After a morning spent mostly getting my bearings but also being distracted by parks and basilicas, I headed for the Victor Hugo Market.
It’s THE place for lunch according to the travel blogs. I went, expecting something that looked like the Halles in Béziers (though it was closed) or Narbonne and Lourdes.
From the outside, it looks like a multistorey carpark.
Inside, it’s every bit the gorgeous market you’d expect though, being a Saturday, it was heaving. There were wine bars serving food but most of them were three people deep. If I had down my wine glass it would have been lost forever as I wouldn’t have been able to reach the counter.
Upstairs are restaurants so I thought I’d try my luck up there. I couldn’t spot any vegetarian options so returned to the market floor and bought mushroom quiche and couscous salad for lunch to eat in a small green around the corner.
It was an entertaining lunch.
The woman who perched herself at the other end of the bench to read her book chatted endlessly to me and the guy seated on the other bench.
Topic? The older gentleman shouting into his phone twenty metres away. I’ve no idea what he sounded annoyed about but if he wasn’t on a videocall, the person on the receiving end had absolutely no idea just how emphatically he was jabbing the phone’s screen with his finger. If he was on a video call then they must have been feeling pretty seasick as he waved the phone around.
When he finished the call, the younger guy on the other bench sympathetically asked if everything was alright. Apparently yes but that HAD been a private call.
Toulouse is a beautiful city. Close to my hotel is the Japanese Garden or to give it its full title, the Pierre Baudis Japanese Garden and it was created in 1981 to meet the wishes of one Pierre Baudis when he was mayor of Toulouse. He had enjoyed this type of garden on travels, especially the one in Dublin. (Not Japan then?) It was named for him on May 11 , 2016 – he wasn’t so arrogant to name it for himself at the time.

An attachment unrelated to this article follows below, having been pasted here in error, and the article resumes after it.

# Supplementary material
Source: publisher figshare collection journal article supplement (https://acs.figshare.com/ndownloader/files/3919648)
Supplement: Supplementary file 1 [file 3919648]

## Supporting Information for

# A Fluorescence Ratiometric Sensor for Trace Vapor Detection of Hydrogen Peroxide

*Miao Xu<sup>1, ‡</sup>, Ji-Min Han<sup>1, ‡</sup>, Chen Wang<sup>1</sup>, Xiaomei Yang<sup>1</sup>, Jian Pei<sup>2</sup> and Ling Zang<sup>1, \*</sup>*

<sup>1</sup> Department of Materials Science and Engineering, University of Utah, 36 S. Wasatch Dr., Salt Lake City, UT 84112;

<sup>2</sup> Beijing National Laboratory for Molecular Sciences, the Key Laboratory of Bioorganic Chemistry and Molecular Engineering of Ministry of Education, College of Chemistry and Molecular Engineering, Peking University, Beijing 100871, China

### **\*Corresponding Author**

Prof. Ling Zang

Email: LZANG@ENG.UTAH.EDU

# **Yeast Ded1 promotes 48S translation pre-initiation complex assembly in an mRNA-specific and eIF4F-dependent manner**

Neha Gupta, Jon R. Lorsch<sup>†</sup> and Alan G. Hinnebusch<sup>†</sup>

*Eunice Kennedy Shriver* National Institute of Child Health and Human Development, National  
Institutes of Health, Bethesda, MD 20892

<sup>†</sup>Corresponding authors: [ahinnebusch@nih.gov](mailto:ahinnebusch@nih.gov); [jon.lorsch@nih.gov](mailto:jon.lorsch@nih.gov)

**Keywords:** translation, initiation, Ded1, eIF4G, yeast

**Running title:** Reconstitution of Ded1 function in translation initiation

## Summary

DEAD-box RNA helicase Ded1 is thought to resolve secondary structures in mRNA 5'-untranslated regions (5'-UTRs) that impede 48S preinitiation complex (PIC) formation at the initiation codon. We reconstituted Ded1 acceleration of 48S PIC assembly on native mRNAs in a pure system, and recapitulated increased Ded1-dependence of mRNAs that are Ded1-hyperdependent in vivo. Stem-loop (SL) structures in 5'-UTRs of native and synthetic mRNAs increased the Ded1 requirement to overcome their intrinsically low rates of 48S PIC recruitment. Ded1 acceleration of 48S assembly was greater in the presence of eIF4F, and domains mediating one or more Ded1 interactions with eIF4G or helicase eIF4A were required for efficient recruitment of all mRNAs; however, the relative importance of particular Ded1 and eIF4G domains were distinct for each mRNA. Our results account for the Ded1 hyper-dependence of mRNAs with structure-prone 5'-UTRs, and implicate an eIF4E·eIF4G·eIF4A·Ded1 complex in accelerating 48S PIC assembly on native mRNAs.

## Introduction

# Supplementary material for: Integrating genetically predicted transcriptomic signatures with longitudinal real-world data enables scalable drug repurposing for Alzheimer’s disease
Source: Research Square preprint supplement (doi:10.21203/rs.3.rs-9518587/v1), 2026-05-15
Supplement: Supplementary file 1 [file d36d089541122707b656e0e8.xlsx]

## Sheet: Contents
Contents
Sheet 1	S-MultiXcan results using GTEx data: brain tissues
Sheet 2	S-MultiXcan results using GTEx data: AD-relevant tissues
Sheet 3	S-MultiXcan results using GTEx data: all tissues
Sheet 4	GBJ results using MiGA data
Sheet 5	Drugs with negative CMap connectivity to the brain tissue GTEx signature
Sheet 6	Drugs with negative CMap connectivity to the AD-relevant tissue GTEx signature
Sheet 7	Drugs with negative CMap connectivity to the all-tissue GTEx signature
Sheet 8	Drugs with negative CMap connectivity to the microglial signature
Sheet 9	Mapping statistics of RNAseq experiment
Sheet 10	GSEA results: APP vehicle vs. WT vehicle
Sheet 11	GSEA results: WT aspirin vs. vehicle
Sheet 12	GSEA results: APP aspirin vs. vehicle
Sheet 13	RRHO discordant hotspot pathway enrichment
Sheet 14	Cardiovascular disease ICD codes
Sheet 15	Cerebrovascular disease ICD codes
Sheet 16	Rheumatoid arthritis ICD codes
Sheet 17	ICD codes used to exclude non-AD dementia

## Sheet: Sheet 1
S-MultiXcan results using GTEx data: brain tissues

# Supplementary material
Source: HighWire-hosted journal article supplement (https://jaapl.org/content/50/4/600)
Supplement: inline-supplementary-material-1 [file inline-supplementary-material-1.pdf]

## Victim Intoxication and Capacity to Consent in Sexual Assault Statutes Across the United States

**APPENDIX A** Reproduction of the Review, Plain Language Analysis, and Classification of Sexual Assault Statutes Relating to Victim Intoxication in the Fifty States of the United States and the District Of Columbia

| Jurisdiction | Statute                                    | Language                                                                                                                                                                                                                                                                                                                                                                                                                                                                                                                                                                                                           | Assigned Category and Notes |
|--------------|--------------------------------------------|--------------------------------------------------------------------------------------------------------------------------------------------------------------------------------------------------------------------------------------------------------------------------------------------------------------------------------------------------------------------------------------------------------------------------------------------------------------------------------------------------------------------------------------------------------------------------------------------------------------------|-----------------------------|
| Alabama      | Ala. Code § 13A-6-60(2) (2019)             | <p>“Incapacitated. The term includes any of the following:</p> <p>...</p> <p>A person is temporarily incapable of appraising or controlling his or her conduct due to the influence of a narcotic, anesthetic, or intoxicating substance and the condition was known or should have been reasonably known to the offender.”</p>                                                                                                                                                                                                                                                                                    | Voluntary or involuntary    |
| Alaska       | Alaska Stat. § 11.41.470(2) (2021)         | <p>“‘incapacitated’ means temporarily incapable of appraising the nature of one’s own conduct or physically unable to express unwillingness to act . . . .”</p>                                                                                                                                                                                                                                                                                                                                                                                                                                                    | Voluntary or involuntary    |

This 7,000m enclosed park is part of a 10 hectare green space in the heart of the recent Compans-Caffarelli district. Designed by the city’s parks and green spaces service as a place of meditation , there is a mineral garden, a typically Japanese red wooden bridge connecting an islet which allegorically represents paradise. It draws on the gardens created in Kyoto between the 14th and 16th centuries. It is isolated from the rest of the park by “curtains of greenery” (gorgeous phrase) and a hill offering some privacy. The garden is composed of a dry garden with a Crane island, a Turtle island and nine rocks, a lake, a tea pavilion and a planted garden consisting of a dry waterfall, Japanese steps, a lanterns, a red bridge, an island of Paradise, a Mount Fuji and the stones of three saints.
The Basilica of Saint Senin was built to honour Saturnin described as “the first bishop of Toulouse”… which all rather belies his role in the city. He was one of seven bishops of Rome sent to spead the Gospels to the Gauls. In 250AD he was martyred after the pagan priests said that the silence of their oracles was Saturnin’s fault.
He was seized, tied up and the rope fastened to a bull to drag him through the streets. The place where he died was called Matabiau though the Basilica’s information stands say it was actually Place Esquirol. “Matar” – “the killing” and “biau” – bull.
That’s given me a whole new way to look at the railway station when I leave: Toulouse Matabiau.